CSotD: Cynicism, Realism and Pragmatism

Over in Prickly City, Carmen has been searching for normalcy and Winslow has been denying it means what she thinks it means.

The problem with cynicism — a philosophy I tend to align with — is that, while it can provide a comforting sense of stability, it can also lead to inertia.

“It’s always been this way” is a reason not to panic, but it shouldn’t be an excuse not to strive.

Both JFK and RFK famously cribbed this line from a Shaw play, and it’s an apt expression of their intentions to understand reality, but not accept it:

You see things; and you say “Why?” But I dream things that never were; and I say “Why not?”


Scott Stantis poses the issue a second time, apart from his comic strip, in this editorial cartoon, only this time not in the philosophical sense of the word “cynic” but in the modern sense.

Constant Readers will recognize it as a comparison I’ve made several times, and I’d like to not see history repeat itself, but wonder if anyone down at the DNC is listening, either to me or to Scott or to history or to reason.


This Kirk Walters cartoon addresses the crucial need for the Democrats to get down to a sensible number of candidates, though it is definitely of the modern definition of “cynical,” since it belittles what messages have come out of the scrum with the notion that wanting to help people is a bad thing.

Wanting to help them with crystals is worthy of snickering, but bringing health care under control deserves consideration.

On the other hand, asking candidates to micro-define their medical plans and then choosing among specific proposals is ridiculous, since whatever happens next will go through the same sausage-making process as all other major laws.

That’s not cynicism; that’s realism.

To put it another way, it’s realistic and wise to look at the current Democratic effort and compare it to the disaster a similar process produced in 1972.

But there’s a difference between declaring the party DOA and suggesting that it get its shit together.


Meanwhile, back at the OK Corral

I can identify with the grandad in Marshall Ramsey‘s cartoon, but there are two ways to read this panel, and they intertwine.

One is that we lower the flag too damn often. It’s a gesture we once reserved for Presidents, Supreme Court Justices and the like, and when it was extended to a private citizen, it was someone like Martin Luther King.

In recent years, it seems as though we lower the flag if someone runs over a squirrel, with the result that the gesture has lost impact. A nation that mourns everyone is the same as a nation that mourns no-one.

Blend into that the number of mass shootings we’ve had, and the result is symbolic of the response: We’re all very sad. Thoughts, prayers and the flag at half-staff.


So, as Steve Artley points out, the President — having done his deep mourning on a golf course — goes on the TelePrompter and makes a hollow speech full of hollow words.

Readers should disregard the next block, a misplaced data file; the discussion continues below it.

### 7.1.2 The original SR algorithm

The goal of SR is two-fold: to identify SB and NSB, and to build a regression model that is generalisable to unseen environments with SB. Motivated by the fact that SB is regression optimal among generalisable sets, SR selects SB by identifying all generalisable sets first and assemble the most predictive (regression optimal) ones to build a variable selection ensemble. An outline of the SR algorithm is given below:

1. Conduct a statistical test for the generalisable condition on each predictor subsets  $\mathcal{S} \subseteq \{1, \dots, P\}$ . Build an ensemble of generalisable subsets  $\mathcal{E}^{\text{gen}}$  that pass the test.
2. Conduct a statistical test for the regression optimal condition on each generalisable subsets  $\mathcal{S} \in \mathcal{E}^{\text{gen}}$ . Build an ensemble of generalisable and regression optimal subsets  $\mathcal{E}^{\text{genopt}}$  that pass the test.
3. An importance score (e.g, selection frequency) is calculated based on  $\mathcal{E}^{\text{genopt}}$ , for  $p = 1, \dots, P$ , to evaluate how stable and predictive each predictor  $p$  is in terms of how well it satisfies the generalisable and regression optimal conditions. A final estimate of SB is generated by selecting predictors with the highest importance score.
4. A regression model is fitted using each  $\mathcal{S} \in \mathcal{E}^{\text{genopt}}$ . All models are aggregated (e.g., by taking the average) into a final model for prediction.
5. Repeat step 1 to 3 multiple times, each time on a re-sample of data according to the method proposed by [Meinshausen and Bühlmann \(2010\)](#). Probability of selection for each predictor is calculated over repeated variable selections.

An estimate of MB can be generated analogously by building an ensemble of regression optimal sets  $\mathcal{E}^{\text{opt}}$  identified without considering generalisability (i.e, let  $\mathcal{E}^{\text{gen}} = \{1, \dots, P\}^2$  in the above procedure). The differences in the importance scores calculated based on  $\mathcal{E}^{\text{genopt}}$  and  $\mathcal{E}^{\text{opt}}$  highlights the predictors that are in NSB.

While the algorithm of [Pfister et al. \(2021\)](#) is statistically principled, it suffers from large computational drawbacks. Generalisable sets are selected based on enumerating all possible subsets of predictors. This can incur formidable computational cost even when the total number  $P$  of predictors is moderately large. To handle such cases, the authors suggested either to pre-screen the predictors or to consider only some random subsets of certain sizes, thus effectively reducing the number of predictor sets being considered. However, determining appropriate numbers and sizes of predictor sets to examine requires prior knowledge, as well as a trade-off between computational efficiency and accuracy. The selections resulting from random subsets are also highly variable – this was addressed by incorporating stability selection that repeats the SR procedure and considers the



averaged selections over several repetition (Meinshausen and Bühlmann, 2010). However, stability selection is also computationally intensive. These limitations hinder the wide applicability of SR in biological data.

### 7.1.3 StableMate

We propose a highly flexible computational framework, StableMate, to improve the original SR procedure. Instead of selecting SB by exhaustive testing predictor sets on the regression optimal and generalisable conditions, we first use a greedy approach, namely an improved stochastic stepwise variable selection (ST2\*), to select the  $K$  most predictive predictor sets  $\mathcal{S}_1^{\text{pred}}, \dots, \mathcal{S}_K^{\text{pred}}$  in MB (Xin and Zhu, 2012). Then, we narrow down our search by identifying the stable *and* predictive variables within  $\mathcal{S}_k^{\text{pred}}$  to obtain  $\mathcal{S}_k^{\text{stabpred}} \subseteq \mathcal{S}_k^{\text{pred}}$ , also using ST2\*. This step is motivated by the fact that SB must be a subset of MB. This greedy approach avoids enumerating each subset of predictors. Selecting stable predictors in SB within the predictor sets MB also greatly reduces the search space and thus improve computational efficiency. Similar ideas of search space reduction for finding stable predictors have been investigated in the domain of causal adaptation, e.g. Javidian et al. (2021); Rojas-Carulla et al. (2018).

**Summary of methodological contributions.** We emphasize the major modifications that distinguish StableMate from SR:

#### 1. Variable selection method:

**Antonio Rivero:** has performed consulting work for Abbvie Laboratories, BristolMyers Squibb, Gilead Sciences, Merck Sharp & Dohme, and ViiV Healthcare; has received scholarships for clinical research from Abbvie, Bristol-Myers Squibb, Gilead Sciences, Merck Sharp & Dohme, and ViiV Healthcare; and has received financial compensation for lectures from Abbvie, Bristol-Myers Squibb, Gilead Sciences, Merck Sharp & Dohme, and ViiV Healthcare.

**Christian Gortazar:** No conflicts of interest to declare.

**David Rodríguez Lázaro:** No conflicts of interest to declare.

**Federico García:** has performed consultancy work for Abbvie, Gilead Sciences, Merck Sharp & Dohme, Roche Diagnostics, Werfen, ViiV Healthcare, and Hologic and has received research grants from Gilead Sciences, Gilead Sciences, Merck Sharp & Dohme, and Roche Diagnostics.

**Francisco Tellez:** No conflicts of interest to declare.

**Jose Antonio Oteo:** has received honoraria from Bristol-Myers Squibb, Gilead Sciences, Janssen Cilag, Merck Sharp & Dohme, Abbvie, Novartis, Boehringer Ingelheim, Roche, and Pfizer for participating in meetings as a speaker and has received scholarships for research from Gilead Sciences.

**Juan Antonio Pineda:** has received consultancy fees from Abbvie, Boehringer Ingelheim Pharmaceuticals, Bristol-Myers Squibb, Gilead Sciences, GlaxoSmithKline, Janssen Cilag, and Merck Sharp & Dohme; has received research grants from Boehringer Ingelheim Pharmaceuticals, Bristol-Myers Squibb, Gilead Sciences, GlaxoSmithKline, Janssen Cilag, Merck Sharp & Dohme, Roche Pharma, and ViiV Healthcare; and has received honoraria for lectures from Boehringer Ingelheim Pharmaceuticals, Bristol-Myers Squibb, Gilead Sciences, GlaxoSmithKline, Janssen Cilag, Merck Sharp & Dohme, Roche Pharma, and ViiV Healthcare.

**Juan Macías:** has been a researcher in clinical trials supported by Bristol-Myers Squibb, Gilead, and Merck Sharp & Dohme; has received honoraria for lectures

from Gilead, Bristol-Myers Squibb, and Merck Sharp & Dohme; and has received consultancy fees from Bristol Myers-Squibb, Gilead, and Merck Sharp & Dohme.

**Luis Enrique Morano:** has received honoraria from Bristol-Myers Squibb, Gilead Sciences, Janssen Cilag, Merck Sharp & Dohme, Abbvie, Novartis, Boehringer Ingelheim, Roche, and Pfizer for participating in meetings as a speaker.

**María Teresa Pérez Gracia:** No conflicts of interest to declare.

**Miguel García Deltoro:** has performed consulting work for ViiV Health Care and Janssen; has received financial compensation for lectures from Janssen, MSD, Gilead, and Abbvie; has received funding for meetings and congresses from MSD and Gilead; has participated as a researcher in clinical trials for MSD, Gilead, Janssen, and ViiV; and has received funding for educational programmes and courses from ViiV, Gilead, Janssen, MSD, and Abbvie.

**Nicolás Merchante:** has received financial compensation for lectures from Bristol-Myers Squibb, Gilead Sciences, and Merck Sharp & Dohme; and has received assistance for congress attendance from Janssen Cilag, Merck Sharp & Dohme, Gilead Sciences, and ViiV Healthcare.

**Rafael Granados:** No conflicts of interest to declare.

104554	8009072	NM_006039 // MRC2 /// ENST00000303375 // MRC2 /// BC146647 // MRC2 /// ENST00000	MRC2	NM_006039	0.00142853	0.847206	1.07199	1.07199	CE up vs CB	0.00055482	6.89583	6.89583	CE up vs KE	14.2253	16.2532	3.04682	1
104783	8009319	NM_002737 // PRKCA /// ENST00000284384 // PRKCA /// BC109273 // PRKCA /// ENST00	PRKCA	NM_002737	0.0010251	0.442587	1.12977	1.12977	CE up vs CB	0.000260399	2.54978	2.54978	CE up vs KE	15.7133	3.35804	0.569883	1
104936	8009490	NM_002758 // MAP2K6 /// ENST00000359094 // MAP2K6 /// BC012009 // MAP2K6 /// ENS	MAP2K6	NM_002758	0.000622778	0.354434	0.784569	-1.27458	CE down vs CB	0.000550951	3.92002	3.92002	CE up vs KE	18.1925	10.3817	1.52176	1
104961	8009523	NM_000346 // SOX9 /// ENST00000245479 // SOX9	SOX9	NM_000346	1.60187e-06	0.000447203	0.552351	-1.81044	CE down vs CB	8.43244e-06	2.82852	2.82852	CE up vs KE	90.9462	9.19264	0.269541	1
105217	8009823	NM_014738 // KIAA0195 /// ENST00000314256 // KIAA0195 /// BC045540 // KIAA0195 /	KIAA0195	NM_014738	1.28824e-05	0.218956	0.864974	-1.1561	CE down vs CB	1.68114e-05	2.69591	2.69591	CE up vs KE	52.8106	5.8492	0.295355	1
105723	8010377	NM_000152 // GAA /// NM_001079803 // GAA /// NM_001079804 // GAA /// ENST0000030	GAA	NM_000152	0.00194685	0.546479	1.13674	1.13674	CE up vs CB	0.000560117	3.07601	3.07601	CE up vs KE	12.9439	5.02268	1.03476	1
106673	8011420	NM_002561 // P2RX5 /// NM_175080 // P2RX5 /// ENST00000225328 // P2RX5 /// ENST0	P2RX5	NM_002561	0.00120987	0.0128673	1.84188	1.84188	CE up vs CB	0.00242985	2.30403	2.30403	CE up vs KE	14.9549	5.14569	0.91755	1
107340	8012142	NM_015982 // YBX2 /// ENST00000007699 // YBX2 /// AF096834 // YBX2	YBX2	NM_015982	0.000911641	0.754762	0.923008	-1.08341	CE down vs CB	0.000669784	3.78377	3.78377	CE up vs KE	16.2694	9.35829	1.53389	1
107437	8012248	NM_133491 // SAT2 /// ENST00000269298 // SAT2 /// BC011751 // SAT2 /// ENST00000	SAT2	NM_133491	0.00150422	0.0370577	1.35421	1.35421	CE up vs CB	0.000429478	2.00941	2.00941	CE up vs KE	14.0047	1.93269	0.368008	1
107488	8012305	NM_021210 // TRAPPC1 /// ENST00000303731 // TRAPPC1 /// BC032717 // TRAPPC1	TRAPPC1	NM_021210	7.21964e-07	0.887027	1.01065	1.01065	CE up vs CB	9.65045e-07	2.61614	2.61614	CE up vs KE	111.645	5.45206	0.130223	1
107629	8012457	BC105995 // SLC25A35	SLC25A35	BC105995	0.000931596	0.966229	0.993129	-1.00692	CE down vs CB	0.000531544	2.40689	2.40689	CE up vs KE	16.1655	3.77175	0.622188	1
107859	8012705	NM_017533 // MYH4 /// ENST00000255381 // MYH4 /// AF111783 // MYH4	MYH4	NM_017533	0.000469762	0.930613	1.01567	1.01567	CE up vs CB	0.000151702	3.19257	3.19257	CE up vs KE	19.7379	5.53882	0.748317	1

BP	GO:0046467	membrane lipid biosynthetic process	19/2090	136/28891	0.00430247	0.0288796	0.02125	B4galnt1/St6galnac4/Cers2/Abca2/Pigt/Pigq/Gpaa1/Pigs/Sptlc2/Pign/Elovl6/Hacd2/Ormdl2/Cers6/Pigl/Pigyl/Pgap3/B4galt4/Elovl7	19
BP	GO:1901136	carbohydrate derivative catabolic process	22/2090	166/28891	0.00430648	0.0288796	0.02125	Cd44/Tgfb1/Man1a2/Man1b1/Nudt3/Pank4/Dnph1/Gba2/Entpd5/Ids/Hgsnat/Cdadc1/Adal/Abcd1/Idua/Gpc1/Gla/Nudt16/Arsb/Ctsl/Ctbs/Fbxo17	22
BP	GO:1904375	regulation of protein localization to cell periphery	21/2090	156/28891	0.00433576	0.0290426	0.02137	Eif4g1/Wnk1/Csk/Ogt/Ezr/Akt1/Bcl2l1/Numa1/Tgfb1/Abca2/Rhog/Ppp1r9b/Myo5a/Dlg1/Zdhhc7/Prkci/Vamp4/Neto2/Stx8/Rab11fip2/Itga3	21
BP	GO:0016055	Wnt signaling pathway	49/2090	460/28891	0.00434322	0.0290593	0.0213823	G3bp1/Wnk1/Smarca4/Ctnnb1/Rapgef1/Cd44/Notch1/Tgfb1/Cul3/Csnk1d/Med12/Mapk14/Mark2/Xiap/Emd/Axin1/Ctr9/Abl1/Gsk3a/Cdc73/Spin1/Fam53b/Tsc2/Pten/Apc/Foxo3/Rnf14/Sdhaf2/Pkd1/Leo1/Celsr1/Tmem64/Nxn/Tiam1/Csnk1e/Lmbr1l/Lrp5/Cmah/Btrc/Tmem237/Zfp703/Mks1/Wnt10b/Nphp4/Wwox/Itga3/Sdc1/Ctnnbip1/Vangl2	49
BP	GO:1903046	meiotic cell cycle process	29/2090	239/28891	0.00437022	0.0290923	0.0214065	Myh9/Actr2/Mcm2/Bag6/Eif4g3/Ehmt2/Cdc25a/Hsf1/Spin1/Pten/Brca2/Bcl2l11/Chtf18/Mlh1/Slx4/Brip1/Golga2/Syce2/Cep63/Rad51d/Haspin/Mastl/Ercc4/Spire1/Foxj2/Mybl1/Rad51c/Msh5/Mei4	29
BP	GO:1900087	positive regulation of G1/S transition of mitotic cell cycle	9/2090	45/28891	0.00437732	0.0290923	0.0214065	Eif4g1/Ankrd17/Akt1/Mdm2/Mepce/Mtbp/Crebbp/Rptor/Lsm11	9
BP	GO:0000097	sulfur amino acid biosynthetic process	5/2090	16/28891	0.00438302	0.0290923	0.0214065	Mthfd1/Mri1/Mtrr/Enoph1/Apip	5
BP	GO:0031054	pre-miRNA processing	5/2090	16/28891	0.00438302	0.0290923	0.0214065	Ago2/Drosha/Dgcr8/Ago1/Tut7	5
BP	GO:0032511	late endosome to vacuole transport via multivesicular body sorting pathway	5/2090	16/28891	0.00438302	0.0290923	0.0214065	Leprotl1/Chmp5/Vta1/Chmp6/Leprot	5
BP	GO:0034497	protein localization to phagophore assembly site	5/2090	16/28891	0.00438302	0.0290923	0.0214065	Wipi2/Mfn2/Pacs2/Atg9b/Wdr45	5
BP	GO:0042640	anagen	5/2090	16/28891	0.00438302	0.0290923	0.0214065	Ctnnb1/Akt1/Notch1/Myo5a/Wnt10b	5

When Trump is on-script, his voice becomes oddly flat and he sounds like a little boy being forced to apologize to the neighbor for breaking a window.

He says the words he has been told to say, and hopes that, having done so, his parents will pay for the damage or the neighbor will forgive it, but that it won’t come out of his allowance.


Darrin Bell being the neighbor who has lived next door to Donnie the Menace long enough that he isn’t persuaded there’s any intent to change.

That is realism, not cynicism.

And, before I move on from this analogy, let me once more note that there is a great clue to understanding Donald Trump in that he was shipped off to military school while his other siblings were permitted to live at home.

It makes me wonder what sort of adult he’d have become, if they’d had Zoloft instead of punishments back then, and it’s sad and I’m sympathetic but we have to deal with what he is, not what he might have been.

I have to assume that even what, in those days, was termed “an incorrigible brat” did not want his parents to give up on him.

I know for sure that prep schools and military schools turned out more than their share of bullies.

It’s a childhood to be pitied, but also to be dealt with.

And that’s pragmatism.


Clay Jones accurately depicts the current-day conniver who calls himself a “deal maker” but has repeatedly failed in his “deals.”

There’s a game of “Yay/Boo” being played here, in which Dear Leader pledges to push for background checks (Yay!) and then tacks on immigration reform (Boo!) and, as Jones suggests, his henchmen will be happy to add on all sorts of riders and amendments, including, it wouldn’t surprise me, one to rescind the background checks.

He’s got the White House and the Senate under his thumb. If he’s sincere, it should be easy to cooperate with the House and just skip the back-patting, log-rolling and sausage-making this time around.

Let’s see background checks come through in a single bill with no attachments.

And he also said we should improve mental health treatment. Let’s see the funding for that come through, too, and, if you have to take the money from somewhere, build one less cruiser, or two or three fewer bombers.

Keep your sincere hands off education, welfare and entitlements.


Or join Moscow Mitch in, as Jack Ohman puts it, being completely transparent in your hypocrisy.

Joke I Shouldn’t Have Laughed At:  Someone on Twitter commented on McConnell’s accident, in which he fell and broke his shoulder, that he had finally brought something to the floor.

Shame on him, shame on me and now shame on you.


And shame on Nick Anderson, too, for making a joke that tells so much truth in such an unpalatable way.

What a cynic!

One thought on “CSotD: Cynicism, Realism and Pragmatism

  1. Of course he ties gun restrictions to immigration reform. We’ll only limit our self defense if we can be assured no brown people will invade us. Despicable.

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